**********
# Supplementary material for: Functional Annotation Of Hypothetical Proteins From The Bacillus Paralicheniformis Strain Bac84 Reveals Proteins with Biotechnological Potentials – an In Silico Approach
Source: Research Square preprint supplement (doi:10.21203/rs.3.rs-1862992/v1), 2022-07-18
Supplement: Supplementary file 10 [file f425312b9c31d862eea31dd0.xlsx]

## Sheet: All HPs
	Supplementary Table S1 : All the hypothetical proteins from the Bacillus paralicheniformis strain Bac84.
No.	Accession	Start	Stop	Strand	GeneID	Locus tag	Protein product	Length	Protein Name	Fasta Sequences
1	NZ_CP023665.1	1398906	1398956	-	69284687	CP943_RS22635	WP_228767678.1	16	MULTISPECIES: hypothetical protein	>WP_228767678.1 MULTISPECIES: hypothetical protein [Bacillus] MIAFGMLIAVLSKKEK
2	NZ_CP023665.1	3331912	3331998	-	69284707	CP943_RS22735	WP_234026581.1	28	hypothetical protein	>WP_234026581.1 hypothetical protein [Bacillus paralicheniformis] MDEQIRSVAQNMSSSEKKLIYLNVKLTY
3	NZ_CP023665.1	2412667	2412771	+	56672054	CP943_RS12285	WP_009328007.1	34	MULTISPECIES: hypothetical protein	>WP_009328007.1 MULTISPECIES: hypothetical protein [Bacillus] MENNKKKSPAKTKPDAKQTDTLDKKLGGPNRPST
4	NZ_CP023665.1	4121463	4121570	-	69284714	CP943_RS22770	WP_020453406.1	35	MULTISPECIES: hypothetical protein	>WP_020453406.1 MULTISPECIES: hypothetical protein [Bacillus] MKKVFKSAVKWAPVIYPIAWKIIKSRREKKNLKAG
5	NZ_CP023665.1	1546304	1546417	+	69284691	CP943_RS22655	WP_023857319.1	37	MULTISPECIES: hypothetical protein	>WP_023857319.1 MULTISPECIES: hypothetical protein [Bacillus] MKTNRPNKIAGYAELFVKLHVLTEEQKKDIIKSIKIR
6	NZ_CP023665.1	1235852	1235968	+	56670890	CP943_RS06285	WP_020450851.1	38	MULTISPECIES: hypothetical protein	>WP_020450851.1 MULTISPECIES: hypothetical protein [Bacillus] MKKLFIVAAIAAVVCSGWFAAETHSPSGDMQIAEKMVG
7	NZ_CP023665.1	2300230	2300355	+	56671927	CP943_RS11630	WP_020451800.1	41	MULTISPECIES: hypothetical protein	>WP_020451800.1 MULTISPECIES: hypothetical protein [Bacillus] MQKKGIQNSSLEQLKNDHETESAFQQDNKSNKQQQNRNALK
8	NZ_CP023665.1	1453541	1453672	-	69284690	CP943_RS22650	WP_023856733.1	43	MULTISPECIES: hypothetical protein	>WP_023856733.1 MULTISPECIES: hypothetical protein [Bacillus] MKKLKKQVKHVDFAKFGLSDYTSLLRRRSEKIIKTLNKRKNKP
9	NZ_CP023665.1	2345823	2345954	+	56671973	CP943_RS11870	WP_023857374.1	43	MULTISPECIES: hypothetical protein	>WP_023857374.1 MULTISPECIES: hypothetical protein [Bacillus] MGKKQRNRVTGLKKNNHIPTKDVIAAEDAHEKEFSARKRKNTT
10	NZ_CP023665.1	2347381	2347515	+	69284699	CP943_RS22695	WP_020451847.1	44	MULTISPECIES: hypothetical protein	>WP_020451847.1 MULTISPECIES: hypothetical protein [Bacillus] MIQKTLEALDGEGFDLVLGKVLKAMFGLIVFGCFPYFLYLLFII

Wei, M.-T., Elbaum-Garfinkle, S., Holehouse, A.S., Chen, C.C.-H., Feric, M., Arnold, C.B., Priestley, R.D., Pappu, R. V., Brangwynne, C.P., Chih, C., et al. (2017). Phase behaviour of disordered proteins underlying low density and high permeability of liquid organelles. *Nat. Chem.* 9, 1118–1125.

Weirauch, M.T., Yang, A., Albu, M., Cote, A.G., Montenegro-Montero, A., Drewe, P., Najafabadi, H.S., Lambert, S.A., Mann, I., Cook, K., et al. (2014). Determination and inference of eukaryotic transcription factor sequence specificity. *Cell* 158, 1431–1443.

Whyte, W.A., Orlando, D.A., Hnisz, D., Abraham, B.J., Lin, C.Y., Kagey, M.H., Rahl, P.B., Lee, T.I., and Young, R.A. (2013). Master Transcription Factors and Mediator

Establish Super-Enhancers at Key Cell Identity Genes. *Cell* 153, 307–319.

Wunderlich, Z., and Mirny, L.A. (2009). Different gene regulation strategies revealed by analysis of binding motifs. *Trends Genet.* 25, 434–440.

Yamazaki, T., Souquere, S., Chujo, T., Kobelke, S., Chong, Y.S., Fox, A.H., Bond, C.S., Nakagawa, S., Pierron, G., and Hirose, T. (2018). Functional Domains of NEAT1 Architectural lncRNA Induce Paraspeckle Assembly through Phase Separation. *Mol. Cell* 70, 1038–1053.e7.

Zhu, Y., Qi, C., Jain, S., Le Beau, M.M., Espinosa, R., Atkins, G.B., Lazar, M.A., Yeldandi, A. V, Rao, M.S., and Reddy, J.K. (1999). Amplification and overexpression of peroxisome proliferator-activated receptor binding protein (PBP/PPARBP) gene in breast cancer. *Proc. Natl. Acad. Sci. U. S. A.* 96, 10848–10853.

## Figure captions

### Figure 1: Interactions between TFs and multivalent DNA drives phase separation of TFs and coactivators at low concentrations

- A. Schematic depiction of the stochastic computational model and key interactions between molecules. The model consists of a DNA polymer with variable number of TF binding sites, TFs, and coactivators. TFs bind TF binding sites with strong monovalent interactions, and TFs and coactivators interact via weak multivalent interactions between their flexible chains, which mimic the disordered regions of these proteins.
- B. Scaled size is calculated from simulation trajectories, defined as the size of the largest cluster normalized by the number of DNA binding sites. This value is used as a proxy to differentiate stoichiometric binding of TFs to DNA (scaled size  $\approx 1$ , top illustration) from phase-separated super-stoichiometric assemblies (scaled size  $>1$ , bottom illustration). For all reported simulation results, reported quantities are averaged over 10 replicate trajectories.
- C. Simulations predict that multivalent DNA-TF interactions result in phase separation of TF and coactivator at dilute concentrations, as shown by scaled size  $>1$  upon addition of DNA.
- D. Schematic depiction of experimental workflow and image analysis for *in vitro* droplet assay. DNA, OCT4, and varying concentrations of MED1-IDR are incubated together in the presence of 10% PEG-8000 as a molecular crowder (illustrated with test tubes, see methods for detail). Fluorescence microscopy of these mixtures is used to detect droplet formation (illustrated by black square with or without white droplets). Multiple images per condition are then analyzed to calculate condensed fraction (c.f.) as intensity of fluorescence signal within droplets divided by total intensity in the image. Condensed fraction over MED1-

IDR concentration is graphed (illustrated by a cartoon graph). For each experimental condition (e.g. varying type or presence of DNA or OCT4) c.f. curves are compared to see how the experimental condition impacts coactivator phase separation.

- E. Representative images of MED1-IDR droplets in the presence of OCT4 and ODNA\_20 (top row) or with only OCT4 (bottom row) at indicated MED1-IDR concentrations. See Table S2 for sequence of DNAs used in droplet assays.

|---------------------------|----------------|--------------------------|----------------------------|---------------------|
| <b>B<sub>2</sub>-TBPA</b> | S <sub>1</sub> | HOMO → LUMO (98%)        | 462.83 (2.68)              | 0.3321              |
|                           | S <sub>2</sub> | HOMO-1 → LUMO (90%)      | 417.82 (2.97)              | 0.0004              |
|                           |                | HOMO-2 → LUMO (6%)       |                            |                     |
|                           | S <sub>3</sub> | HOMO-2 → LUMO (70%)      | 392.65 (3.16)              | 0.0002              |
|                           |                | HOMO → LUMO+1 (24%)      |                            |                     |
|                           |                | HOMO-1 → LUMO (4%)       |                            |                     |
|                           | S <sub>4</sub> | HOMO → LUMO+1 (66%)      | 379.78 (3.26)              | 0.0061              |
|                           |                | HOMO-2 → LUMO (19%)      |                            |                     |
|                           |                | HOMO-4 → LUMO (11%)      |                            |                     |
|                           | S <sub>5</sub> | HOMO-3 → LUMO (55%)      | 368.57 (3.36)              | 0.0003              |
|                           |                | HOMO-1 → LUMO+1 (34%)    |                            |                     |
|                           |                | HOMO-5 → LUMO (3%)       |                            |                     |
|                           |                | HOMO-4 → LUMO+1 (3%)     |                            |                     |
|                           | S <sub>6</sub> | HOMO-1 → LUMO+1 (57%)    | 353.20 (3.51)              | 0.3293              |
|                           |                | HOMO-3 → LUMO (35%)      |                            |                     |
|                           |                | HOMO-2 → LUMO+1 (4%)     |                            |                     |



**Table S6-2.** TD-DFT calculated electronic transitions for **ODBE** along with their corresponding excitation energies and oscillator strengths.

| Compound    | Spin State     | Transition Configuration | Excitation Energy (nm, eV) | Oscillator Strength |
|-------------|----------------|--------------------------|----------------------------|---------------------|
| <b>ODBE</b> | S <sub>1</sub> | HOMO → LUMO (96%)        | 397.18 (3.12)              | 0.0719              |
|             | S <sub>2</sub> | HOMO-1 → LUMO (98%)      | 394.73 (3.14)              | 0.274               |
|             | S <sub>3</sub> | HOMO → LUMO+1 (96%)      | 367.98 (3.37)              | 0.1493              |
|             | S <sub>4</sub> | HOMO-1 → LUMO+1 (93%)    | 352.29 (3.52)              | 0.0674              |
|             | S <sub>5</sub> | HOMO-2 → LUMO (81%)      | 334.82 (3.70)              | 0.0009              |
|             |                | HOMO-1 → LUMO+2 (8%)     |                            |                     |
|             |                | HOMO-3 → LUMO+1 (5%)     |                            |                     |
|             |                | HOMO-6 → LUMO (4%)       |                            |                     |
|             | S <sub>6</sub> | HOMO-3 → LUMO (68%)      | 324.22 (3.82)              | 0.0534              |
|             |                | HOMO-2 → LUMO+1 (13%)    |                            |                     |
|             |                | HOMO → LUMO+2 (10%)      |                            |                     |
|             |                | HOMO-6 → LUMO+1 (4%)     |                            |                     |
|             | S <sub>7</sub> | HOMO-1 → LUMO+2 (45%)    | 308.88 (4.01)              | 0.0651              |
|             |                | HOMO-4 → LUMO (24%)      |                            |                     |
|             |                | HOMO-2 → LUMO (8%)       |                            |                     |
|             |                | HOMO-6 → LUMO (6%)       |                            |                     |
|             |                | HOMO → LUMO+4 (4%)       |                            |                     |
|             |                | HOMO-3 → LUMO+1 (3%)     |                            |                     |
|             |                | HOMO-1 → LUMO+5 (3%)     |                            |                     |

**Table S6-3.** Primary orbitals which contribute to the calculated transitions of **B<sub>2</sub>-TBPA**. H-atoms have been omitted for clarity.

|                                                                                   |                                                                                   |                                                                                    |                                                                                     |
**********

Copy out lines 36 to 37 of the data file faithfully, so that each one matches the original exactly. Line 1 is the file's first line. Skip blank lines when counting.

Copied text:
|                           | S <sub>3</sub> | HOMO-2 → LUMO (70%)      | 392.65 (3.16)              | 0.0002              |
|                           |                | HOMO → LUMO+1 (24%)      |                            |                     |